A group of teenage girls stood around the queen bee while she showed off the zip pockets of her new jeans. It was so pure and innocent and from one of their iPhones played Beyonce’s Run The World (Girls).
While taking notes in the square an old man asked me for a lighter and I made friends with him and his two mates. We drank Ouzo and I got so drunk I got lost walking home. It was sublimely Greek.
At the top of a mountain in the middle of 34 degree heat, I tried to get an ice cream from a shop and was informed that the ice creams had stopped because summer was over. This despite the sweat pouring from everyone’s head. They also charged 50c to use the toilet. I hope they burn.
Walking down the 913 steps of the Palamidi fortress I slipped on the marble in my sweaty thongs, and a shirtless greekman caught me in my fall. I should have been concerned about the fall of death but I was too busy being flustered by a greasy torso.
A bell tower chimed at 5:13pm despite that not being any time of particular note. It felt very Greek, though I have no idea why. Now I wait for thirteen past the hour for bells, but nothing happens.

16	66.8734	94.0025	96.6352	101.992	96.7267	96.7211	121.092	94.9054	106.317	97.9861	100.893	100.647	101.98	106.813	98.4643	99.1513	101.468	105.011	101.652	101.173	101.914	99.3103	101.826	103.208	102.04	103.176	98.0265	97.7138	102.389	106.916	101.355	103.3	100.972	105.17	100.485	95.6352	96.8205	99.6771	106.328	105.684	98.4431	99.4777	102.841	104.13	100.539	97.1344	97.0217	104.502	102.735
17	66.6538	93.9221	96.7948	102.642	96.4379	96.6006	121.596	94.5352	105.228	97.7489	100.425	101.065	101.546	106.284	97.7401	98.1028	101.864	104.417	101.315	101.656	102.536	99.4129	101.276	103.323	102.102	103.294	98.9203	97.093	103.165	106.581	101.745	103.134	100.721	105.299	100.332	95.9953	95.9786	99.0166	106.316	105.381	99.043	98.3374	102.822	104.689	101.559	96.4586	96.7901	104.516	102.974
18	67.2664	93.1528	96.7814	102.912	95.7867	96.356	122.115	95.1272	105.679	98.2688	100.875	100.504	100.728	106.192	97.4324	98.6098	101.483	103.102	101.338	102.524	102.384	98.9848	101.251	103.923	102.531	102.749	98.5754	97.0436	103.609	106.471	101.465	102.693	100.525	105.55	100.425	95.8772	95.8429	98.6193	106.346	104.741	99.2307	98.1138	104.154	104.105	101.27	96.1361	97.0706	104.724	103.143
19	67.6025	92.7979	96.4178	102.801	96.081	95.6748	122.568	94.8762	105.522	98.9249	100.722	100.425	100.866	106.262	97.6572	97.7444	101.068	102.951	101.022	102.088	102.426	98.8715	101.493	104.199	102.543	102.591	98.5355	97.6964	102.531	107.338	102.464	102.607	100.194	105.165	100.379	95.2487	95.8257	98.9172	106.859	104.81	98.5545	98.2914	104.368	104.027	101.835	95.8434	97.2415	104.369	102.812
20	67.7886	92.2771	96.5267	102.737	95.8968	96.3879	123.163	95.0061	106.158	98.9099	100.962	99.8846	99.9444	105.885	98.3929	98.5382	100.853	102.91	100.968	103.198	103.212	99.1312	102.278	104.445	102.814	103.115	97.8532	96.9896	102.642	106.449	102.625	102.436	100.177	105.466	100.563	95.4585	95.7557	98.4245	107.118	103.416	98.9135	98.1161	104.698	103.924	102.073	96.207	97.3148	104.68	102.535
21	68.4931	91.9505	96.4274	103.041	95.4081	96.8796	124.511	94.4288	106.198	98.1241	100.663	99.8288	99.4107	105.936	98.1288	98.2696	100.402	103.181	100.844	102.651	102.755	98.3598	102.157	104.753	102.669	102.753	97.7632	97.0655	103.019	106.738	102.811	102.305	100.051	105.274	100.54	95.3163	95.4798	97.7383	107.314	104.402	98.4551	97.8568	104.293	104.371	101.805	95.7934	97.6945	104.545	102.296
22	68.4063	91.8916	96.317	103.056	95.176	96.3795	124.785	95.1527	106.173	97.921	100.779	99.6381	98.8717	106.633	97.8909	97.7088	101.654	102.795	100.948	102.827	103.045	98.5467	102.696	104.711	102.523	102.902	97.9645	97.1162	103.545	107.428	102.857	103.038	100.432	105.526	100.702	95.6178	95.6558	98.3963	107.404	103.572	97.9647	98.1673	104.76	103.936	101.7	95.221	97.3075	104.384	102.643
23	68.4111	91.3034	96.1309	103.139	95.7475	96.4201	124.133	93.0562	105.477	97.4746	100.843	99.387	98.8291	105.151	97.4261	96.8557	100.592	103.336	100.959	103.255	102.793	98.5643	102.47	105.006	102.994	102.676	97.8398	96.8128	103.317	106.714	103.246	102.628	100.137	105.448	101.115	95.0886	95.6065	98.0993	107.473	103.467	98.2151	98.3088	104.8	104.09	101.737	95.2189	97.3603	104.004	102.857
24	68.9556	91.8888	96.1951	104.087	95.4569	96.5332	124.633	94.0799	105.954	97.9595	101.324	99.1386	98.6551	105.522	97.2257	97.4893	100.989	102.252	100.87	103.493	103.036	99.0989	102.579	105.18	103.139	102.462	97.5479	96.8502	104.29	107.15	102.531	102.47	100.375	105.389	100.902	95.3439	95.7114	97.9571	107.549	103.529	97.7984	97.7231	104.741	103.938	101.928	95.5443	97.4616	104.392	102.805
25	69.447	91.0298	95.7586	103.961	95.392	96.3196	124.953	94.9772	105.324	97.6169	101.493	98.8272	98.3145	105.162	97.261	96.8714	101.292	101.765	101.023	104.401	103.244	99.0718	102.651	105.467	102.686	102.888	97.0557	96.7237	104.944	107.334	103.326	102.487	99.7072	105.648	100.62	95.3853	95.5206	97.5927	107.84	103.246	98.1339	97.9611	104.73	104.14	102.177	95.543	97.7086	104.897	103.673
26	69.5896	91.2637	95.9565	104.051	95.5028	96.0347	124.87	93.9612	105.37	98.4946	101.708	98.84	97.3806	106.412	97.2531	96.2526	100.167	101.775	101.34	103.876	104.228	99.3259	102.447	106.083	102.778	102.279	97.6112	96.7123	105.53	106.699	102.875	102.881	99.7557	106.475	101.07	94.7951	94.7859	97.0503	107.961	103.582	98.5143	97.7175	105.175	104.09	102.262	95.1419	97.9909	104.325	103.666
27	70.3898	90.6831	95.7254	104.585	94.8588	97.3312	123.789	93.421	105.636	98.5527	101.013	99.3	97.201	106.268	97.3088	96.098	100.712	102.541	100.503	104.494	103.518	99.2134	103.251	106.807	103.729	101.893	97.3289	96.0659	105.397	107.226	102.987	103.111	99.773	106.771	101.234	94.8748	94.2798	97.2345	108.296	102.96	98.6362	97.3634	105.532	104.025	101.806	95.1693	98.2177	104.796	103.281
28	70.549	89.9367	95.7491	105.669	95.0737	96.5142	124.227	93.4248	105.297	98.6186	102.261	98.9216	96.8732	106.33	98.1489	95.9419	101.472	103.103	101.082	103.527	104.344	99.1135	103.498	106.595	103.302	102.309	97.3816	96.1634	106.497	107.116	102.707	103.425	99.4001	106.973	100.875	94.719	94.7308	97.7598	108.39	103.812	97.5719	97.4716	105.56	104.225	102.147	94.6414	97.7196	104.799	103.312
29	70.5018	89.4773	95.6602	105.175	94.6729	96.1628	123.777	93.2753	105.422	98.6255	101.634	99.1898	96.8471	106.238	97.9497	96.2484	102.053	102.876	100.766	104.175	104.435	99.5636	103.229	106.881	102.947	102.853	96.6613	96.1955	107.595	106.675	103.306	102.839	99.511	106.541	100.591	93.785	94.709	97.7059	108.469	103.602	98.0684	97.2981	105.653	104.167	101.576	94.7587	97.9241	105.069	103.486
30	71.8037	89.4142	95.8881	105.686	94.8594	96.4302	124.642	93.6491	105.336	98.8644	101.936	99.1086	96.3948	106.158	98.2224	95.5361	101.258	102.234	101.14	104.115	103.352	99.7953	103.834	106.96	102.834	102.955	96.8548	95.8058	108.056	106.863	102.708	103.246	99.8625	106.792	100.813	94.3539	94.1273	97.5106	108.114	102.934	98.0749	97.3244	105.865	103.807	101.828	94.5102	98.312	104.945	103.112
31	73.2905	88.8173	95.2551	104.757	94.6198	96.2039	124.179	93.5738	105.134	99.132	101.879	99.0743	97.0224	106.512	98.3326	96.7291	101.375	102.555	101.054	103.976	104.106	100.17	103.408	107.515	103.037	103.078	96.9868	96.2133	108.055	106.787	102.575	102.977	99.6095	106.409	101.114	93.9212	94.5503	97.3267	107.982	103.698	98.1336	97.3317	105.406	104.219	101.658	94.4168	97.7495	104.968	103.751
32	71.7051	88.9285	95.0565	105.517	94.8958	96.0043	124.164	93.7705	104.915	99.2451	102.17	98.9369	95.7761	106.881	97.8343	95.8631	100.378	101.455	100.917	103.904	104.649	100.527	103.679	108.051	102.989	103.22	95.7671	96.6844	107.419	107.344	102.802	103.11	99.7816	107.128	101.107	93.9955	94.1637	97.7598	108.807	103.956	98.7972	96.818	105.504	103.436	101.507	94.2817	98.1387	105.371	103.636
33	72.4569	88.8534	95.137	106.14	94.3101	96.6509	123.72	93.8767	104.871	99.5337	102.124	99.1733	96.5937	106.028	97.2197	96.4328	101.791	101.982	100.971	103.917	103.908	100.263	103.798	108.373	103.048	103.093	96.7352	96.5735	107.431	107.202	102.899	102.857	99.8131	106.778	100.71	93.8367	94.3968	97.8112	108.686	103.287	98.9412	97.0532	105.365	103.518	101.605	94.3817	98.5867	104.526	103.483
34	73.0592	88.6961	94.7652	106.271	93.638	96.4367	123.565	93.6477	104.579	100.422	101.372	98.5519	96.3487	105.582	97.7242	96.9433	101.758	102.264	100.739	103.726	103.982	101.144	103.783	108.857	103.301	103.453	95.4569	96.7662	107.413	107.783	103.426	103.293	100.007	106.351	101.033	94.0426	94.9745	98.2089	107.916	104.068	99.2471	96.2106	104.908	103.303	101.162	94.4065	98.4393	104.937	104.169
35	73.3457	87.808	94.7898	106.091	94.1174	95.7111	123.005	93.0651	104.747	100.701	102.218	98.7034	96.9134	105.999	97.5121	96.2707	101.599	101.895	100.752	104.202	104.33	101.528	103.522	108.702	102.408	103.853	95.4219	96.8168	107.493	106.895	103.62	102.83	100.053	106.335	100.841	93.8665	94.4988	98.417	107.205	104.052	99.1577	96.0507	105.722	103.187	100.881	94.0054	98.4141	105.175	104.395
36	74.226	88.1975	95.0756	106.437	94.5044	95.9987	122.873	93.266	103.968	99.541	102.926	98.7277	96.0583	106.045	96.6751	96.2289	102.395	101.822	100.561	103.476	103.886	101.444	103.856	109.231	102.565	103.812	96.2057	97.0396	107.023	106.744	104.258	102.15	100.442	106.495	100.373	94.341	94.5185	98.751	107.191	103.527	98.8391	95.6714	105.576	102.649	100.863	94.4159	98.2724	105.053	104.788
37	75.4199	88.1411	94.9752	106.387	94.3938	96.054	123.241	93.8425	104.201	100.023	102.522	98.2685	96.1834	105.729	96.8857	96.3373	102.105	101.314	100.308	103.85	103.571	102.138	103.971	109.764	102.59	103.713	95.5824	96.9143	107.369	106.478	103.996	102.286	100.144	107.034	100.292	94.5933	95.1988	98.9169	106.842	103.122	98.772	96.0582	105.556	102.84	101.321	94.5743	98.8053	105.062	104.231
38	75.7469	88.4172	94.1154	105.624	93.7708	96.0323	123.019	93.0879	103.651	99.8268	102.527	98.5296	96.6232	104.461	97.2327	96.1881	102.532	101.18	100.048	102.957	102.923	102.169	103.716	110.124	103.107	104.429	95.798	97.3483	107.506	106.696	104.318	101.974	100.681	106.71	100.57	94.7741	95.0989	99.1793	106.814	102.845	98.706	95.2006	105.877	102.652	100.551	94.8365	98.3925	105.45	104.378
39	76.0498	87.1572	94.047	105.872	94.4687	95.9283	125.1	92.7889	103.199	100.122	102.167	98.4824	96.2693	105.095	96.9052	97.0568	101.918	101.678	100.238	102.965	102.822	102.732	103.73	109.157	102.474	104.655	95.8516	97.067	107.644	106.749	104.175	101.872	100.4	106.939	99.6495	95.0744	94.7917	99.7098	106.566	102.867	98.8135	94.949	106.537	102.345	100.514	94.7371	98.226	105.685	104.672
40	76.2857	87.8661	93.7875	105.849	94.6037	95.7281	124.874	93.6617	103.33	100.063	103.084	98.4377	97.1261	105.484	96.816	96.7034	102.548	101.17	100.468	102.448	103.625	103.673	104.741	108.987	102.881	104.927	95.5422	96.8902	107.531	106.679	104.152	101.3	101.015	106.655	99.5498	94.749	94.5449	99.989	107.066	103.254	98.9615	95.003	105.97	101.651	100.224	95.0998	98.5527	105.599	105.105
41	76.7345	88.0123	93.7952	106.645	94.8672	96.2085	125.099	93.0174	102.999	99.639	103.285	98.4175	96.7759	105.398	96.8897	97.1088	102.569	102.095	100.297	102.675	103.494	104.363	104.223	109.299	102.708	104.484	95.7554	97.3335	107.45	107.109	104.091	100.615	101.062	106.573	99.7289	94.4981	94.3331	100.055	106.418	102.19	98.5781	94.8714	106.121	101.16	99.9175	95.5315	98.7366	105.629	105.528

On the first day in Athens while waiting for Rachel to fly in I killed time by attempting to make friends with the locals. I do not do well alone in social situations so I turn to the wonderful world of dating apps and ask for a local to show me around. After about an hour of deflecting penises I got a young local lawyer who offered to show me around town and buy me a drink. I learned a lot about the different suburbs of Athens. He had a lot of distaste for the poorer areas, scalding the “poverty minorities” because they had nothing else to do but cause mischief because they didn’t have jobs. I didn’t have enough investment in this acquaintance to have a discussion with him about the nuances of lower socio-economic lifestyles, so I let him speak and didn’t argue. One fun thing to do in Athens while killing time is to patronage a hotel that rents by the hour. My new friend offered to do so, and going with my new mantra of saying yes to adventures, I agreed. I had never felt so cheap and alive. The room was literally just a bed and a shower and there were mirrors on the roof. While I was lying down staring up at myself, I told my new friend to keep doing what he was doing – I just simply had to reach for my phone for a photo. While he was renting the room at the desk I quickly googled the Greek phrase for “I’m coming” as a polite gesture of the moment we were about to share together. When the moment arrived and I said it, he giggled at me. What I had actually said was “I am arriving” and he seemed to think that was funny. I did not know this and took it as a review of my performance, which is very distressing especially when you’re looking up at your reflection on the roof above you surrounded by purple sateen linen. I took one of the free bottles of water that lay in the sink as I left, because I knew I had a lot of activities ahead of me. Maybe with sateen and mirrors, maybe not, it all depends on what I say yes to I guess.